Running code workshops in schools

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During Brighton’s Digital Festival, I ran 2 Hackasaurus workshops in local schools for students aged between 13 and 15. I did this with Aral Balkan who taught the concepts of programming using Scratch.

The workshops I ran taught how to inspect HTML using a browser bookmarklet called the Web X-Ray Goggles. Students then start building their own webpages using snippets of HTML and CSS which I’ve put together in the Hackbook. I typically get 60 minutes to run the workshop, although this is realistically around 50 once all the introductions are done and students are sat at their desks and logged in.

The setup

Both schools I went to were specialist technology colleges, so had a better setup than most. Since the Goggles need a modern browser, I asked for this to be installed before the visit. This is usually quite difficult, with the most quoted excuse being that it’s not compatible with firewall settings, but these schools were already using either Chrome or Safari.

The layout of the rooms meant students were sat with their backs to us, so it was difficult to get their attention once they’d started work. If you find yourself with this setup, try to structure the workshop so you don’t have to keep stopping them from what they’re doing.

School 1

This was a small secondary school (high school) with a class size of around 25. Each student had a wide-screen monitor with a Mac Mini strapped to the back. These were dual-boot OS (OSX and Windows). The technicians installed Chrome for the day so we could use the Goggles, and the bookmarklet was already installed.

A photo of Aral Balkan setting up for a workshop
A really blurry photo taken on my phone of Aral setting up for his Scratch workshop

All the students were there by choice and it was a very different atmosphere to what I’m used to when I go to a school. Students were eager to teach each other, and were mature and adept using computers. They had a firewall but it wasn’t as in-your-face as a lot of places.

Using the Goggles, I started off teaching the students how they can change the text on their school’s website by editing the HTML. The Goggles are a really nice introduction to HTML because they ease students into writing code with very little explanation. I like to get them actively building stuff 5 minutes into the lesson so they don’t get bored, and so they have lots of time to try things out.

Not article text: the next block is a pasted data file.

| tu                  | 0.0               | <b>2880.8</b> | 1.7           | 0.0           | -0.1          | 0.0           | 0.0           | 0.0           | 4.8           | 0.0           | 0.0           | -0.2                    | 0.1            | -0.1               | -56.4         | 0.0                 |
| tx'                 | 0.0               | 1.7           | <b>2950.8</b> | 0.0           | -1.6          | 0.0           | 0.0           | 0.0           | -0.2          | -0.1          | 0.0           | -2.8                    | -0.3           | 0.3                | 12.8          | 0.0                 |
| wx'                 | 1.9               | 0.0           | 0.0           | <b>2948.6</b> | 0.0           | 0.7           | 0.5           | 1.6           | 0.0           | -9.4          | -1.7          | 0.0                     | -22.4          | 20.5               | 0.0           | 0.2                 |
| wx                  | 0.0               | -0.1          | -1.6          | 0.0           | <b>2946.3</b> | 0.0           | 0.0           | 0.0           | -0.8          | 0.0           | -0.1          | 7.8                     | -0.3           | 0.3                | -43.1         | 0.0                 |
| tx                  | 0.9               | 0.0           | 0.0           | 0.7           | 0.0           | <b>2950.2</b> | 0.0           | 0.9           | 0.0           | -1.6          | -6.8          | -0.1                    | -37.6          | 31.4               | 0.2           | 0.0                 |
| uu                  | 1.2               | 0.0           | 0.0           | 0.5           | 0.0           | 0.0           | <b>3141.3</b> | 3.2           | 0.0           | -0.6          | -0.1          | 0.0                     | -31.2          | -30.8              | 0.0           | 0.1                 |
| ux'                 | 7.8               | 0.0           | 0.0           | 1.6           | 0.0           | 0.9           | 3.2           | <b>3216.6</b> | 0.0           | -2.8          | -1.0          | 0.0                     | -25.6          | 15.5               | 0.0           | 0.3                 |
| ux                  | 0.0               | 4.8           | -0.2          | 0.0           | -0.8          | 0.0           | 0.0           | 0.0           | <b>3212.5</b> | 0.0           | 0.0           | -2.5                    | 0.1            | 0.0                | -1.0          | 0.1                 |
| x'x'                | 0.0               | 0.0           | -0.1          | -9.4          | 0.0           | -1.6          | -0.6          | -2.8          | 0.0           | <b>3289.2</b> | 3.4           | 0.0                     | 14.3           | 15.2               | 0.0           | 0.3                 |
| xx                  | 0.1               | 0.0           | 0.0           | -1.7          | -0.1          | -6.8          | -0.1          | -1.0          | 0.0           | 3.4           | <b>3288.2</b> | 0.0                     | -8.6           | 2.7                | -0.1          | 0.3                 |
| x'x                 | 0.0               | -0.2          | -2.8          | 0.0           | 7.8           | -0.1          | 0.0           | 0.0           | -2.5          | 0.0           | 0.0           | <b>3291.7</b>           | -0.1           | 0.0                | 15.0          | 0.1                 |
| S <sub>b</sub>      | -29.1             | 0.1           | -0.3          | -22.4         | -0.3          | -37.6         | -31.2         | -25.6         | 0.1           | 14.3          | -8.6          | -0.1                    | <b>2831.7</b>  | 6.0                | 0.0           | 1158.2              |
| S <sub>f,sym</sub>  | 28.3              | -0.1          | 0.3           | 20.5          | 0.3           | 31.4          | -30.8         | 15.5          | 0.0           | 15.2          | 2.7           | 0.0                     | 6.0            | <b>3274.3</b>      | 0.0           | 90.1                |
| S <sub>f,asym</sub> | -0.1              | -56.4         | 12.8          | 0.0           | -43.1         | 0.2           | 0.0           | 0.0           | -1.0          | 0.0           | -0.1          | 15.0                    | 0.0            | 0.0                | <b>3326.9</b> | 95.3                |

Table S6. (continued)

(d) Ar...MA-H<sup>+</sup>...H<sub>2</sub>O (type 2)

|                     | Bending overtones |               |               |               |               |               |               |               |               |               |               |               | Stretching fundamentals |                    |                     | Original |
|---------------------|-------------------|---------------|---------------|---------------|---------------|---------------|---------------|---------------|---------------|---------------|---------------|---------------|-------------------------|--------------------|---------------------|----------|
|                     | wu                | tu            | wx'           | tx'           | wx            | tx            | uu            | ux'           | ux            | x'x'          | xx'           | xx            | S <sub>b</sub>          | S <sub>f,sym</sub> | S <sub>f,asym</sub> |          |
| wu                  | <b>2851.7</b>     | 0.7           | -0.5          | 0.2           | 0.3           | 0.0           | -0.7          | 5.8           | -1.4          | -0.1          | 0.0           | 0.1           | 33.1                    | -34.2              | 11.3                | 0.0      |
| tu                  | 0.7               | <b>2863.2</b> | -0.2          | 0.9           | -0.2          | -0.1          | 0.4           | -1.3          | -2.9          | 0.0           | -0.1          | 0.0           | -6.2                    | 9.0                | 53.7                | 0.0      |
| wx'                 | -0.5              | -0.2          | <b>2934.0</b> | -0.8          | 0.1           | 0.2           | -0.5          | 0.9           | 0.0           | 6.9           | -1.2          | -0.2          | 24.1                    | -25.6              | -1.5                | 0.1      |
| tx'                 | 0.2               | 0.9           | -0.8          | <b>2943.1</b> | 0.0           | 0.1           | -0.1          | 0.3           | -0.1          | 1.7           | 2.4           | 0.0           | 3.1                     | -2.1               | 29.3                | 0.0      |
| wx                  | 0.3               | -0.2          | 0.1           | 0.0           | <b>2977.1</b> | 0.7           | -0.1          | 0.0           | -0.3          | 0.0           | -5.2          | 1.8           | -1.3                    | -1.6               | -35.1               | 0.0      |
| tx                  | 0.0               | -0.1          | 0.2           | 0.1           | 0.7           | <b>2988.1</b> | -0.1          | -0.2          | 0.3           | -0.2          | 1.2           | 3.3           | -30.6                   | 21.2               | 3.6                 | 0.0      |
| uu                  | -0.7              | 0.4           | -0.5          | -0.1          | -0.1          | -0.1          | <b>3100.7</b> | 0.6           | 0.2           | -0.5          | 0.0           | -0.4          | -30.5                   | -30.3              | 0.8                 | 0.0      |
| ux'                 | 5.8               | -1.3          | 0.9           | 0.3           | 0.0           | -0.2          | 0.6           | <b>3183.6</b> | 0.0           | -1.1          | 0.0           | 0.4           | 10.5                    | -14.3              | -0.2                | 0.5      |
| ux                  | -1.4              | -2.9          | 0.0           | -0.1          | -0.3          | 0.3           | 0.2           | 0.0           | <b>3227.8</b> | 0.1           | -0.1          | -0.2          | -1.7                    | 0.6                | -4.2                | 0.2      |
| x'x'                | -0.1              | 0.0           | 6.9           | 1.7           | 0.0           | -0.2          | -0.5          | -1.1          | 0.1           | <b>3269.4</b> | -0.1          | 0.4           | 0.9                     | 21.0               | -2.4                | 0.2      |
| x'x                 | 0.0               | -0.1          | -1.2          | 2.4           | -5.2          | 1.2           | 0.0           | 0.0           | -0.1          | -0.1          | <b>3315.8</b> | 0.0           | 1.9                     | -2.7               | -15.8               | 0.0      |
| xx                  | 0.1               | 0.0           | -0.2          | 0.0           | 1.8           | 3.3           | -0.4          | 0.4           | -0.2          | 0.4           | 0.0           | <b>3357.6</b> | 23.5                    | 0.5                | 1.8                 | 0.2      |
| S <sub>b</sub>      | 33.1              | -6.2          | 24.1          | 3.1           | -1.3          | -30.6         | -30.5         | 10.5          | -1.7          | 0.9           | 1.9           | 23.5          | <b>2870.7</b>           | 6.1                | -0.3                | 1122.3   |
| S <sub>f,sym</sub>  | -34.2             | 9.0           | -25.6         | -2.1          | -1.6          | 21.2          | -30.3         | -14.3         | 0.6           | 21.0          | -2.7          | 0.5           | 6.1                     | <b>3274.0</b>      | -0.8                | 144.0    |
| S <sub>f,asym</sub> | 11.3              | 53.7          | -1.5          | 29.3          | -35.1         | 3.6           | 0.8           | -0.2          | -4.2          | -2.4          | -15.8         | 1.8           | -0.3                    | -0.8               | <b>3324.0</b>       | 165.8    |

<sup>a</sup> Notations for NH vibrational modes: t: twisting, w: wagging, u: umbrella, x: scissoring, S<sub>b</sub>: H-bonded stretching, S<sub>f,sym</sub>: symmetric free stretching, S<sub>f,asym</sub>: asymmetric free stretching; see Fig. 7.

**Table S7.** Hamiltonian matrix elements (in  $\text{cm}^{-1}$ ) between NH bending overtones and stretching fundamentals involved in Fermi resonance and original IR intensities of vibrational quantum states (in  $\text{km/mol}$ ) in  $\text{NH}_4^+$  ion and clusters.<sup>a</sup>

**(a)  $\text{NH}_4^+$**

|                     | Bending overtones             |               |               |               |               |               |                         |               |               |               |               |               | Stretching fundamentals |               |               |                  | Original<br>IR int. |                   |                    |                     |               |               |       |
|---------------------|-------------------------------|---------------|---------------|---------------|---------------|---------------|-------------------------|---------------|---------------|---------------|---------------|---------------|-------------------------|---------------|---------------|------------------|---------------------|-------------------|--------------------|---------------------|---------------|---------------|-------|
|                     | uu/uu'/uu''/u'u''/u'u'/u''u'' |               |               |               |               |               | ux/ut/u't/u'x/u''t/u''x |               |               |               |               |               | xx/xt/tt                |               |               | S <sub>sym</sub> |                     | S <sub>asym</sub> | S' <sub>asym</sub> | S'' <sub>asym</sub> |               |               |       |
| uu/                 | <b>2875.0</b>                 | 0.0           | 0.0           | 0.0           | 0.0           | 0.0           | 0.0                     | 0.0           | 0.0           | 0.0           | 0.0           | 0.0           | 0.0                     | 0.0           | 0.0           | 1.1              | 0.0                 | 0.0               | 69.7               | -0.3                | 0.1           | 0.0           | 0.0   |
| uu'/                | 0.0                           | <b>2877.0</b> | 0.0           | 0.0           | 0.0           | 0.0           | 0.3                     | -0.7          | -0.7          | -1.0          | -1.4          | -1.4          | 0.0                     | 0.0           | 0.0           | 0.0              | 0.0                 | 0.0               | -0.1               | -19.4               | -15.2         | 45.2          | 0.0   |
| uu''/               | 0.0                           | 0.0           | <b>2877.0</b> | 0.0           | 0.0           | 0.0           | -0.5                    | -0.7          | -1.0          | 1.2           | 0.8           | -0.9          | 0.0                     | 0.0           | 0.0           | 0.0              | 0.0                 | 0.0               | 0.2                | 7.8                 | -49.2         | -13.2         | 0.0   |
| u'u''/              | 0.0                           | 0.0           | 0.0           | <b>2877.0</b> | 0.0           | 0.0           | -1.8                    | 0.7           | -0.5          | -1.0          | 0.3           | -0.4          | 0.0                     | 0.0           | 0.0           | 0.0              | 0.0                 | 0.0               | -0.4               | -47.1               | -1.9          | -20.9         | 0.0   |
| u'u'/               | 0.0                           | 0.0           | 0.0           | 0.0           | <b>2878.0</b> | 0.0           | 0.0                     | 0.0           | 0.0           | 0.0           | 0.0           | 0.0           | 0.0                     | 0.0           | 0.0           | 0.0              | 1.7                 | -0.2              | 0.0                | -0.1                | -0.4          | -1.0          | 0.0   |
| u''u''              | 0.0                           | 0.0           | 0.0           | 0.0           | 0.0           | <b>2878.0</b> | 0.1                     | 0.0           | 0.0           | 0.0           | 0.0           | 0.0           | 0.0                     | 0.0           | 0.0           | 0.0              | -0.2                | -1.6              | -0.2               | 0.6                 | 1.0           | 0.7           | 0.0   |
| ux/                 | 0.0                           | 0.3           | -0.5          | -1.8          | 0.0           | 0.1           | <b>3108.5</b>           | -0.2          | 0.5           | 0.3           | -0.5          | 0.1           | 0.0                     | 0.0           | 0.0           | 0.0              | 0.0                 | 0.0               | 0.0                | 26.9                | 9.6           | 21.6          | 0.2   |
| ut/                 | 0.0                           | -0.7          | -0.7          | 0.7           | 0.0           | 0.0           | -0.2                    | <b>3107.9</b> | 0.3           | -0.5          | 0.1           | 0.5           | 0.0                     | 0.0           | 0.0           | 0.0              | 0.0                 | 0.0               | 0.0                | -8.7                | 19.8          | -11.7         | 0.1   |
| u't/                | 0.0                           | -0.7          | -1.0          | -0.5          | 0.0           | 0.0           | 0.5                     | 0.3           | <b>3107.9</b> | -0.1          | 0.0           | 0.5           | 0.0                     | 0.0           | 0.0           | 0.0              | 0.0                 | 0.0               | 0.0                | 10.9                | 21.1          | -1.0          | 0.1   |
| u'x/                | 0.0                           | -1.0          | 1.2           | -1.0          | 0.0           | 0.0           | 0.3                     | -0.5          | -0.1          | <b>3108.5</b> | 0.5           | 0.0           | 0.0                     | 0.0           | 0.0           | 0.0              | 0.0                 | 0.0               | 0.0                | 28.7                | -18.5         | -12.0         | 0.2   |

School 2

This was a very large secondary school with a class of around 25 with Windows setup. Chrome was already installed and in use.

We got 2 groups of students who were there for an IT lesson. I was a bit worried at the start because they all seemed quite boisterous. However, they were both really lovely groups and were very mature and fun to work with.

The network settings meant the Goggles didn’t work in the end which came as a bit of a surprise, but the programming part of the workshop went down very well.

Things that surprised me

Since part of the workshop involves choosing images to put on a webpage, I need to add a bit about Creative Commons to the workshop, with a description and links on how to search for images. It’s difficult though because so many image sites like Flickr are blocked.

Things that didn’t go so well

I have a few fallback plans if things go wrong. These are for scenarios like the Goggles not working, the internet not working, right down to a power failure where the computers aren’t working. Having Aral there was really useful because all he needed was a laptop and a projector, and he gave an engaging demonstration on how to program an Angry Birds style game.

Things that made me very happy

The workshops encouraged a very collaborative learning experience. There was a ripple effect when someone learnt how to do something new. This made teaching a lot easier because people were teaching each other in the way that developers in the “real world” do.

Teach to code before teaching to code well.

When I started doing this stuff, all I wanted to do was teach people how to write clean, semantic code. In reality, you get so little time and they’re all learning their own way that the code they produce tends to be messy and bloated. But I’ve learned through a lot of doing this to have a pragmatic approach at the start. My primary goal is to inspire people to write code, not to force them to write good code. That bit comes later. If they’re not having fun writing code at the start because I’m telling them it’s “wrong”, they won’t want to write code at all.

The bigger picture

While we were leaving our last workshop, Aral said “This isn’t a solution, this is a sticking-plaster over a wider problem”. I want this to be more popular, I want to see more people from the industry going into their local schools and running code workshops, but this we also need to keep our eyes on the wider goal. These skills need to be taught as a standard, not as an extra-curricular activity.

Help improve digital literacy

I do workshops like this because I think it’s important that young people to understand how the technology they use works. I talk a lot about the lack of computer science in the curriculum, and IT teachers recognise the problem too but have a lot up against them at the moment. Going back to school to teach a bit of code feels like doing something positive rather than just complaining about it, which I feel I do all too much.